Is Phenoxyethanol Bad for You and Your Skin?
With “clean beauty” being all the rage lately, you’ve most likely seen a laundry list or two of skin care ingredients to avoid. We even have our own here on the Cleure blog. While there are ingredients that are justifiably vilified by dermatologists, estheticians, skin care gurus, and skinfluencers alike, not every “toxic” ingredient that the skin care industry has sworn off is actually all that bad.
One ingredient that has succumbed to the scrutiny of “clean” skin care consumers (be they experts or not) is phenoxyethanol.
While it is not on any nationally banned ingredients lists worldwide, phenoxyethanol does pop up on a lot of “bad” or “toxic” ingredient lists mocked up by skin care bloggers and influencers, or cosmetics retailers that focus on ingredient quality. It seems that sometimes brands and retailers are looking for problems with ingredients to whittle down their product offerings in a marketable way. But is phenoxyethanol actually bad for your skin and your health? Let’s break it down.
What is phenoxyethanol?
Phenoxyethanol is a synthetically produced ingredient, mainly used as a preservative. It has an oily, slightly sticky liquid texture and a faint rose scent. It has been used as a cosmetic preservative in makeup, skin care, perfumes, soaps, and detergents since the 1950s, and is also commonly found in vaccines and textiles. It limits bacteria growth of gram negative bacteria, gram positive bacteria, and yeast in water-based products.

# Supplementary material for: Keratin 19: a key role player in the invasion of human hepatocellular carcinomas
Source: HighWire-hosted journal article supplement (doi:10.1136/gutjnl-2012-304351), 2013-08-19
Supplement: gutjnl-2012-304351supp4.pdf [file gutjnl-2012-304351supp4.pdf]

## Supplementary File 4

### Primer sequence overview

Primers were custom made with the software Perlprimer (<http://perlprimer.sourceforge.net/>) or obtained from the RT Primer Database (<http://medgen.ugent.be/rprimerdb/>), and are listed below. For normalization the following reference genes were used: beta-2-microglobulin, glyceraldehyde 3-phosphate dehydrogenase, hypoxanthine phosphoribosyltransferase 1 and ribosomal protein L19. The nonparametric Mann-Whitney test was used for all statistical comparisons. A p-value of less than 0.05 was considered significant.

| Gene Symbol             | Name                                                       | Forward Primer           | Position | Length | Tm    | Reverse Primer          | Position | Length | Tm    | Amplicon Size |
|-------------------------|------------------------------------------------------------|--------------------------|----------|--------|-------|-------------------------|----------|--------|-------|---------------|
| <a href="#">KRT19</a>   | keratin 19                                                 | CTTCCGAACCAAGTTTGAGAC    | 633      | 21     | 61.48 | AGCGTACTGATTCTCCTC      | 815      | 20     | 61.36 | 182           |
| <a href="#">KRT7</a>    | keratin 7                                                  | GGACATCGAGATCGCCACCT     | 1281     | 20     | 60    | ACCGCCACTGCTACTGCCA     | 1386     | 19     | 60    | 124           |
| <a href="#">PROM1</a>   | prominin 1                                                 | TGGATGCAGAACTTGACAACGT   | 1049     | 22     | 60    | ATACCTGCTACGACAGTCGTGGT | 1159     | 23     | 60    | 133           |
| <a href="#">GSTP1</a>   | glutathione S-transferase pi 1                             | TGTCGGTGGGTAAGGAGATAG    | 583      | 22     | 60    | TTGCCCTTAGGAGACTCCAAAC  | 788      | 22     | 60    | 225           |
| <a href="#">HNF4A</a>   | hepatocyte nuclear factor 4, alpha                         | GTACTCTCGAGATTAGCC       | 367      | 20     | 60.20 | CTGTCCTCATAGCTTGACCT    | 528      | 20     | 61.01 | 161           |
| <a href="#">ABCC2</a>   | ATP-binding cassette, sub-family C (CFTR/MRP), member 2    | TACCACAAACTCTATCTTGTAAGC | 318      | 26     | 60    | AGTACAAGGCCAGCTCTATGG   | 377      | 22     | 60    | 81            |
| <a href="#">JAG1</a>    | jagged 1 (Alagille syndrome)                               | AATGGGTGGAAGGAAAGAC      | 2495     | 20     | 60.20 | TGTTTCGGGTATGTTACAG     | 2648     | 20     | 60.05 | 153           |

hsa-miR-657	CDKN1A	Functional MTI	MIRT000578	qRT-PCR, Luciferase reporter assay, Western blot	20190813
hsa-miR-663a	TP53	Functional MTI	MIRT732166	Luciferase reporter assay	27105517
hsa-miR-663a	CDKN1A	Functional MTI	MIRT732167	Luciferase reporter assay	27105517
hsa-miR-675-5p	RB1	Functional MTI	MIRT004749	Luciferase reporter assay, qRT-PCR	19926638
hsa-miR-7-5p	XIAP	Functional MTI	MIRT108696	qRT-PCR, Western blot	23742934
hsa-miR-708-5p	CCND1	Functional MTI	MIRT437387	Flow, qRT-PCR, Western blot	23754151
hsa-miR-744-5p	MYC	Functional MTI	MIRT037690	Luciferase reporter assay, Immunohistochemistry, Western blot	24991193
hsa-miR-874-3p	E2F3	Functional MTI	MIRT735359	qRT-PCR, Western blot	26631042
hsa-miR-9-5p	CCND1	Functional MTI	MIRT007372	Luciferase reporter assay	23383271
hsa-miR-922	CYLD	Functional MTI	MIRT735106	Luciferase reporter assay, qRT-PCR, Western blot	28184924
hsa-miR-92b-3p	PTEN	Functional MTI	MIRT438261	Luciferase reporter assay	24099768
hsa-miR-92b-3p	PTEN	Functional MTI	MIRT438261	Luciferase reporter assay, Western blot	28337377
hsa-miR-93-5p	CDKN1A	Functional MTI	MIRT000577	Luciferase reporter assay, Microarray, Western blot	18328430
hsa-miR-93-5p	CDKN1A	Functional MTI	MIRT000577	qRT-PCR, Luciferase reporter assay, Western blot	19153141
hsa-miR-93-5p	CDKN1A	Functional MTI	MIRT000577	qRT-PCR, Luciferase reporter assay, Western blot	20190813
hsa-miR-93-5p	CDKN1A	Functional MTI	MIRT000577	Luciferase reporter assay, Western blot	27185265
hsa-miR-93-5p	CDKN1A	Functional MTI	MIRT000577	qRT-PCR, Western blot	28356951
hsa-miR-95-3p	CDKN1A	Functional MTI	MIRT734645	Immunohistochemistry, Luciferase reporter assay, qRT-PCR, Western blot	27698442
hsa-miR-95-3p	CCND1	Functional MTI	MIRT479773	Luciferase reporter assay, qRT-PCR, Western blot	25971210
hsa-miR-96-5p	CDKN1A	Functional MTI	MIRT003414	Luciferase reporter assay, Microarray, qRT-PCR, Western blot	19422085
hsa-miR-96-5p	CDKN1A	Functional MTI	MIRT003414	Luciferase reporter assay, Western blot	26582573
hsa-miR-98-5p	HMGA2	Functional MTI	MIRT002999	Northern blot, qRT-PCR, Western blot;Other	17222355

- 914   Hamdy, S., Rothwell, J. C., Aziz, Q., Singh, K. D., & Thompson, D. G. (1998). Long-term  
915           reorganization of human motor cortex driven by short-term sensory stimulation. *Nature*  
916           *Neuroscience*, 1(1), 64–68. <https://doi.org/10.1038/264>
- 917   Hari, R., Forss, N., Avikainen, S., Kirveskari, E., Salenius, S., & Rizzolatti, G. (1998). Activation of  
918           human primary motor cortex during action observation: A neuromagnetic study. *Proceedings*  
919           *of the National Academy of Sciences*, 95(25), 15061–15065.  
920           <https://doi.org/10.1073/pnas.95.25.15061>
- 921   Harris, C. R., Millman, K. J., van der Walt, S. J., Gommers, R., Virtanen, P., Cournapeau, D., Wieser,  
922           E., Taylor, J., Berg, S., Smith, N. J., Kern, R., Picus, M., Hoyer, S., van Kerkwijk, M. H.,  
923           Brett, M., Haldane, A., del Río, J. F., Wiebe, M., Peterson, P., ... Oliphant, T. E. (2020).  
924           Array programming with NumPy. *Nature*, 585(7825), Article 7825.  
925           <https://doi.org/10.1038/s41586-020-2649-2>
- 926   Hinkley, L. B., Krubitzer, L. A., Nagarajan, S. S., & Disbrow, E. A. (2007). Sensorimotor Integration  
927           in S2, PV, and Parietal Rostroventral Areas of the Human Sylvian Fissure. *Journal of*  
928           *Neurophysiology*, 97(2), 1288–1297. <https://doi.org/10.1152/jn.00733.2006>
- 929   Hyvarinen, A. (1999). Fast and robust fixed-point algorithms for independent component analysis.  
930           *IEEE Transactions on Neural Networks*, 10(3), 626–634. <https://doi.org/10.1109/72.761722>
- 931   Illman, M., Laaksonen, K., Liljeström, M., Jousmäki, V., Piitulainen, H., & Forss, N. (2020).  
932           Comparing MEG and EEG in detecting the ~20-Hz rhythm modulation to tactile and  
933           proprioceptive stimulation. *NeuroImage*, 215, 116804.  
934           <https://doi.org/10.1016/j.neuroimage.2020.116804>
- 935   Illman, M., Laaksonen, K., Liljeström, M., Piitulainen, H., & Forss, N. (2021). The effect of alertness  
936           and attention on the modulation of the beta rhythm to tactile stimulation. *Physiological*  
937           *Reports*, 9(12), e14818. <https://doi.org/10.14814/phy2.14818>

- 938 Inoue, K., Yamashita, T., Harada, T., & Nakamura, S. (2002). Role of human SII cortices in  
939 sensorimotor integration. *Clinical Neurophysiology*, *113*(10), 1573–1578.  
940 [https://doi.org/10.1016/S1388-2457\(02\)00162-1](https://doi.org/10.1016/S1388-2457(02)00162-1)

You may also see it on ingredients labels as it’s pseudonyms: Phenoxyethanol, 2-Phenoxyethanol, Euxyl K® 400 (mixture of Phenoxyethanol and 1,2-dibromo-2,4-dicyanobutane), and PhE.
It also occurs naturally in green tea, but it’s the synthetic version that has people on edge. About 23.9% of personal care products contain the synthetic phenoxyethanol, so if it’s so dangerous why aren’t 23.9% of cosmetic consumers suffering adverse effects?
Is phenoxyethanol safe? Common misconceptions
So where did the phenoxyethanol fear start? Studies have pointed to phenoxyethanol being harmful when it comes into contact with skin or eyes, or is inhaled. On top of that it was shown to cause neurological, reproductive, and developmental problems. Aha! So phenoxyethanol really is awful!
Well...no. What the anti-phenoxyethanol community tends to skirt around is the nature of these studies. To start, many of these studies were done on mice and rabbits, not humans, and they were ingesting large doses of phenoxyethanol, not applying a weak concentration of it topically like humans do. Another study involved large concentrations being inhaled by women working in a fish hatchery who suffered from headaches after exposure, but no neurological or hormonal tests were administered. So the results remained inconclusive.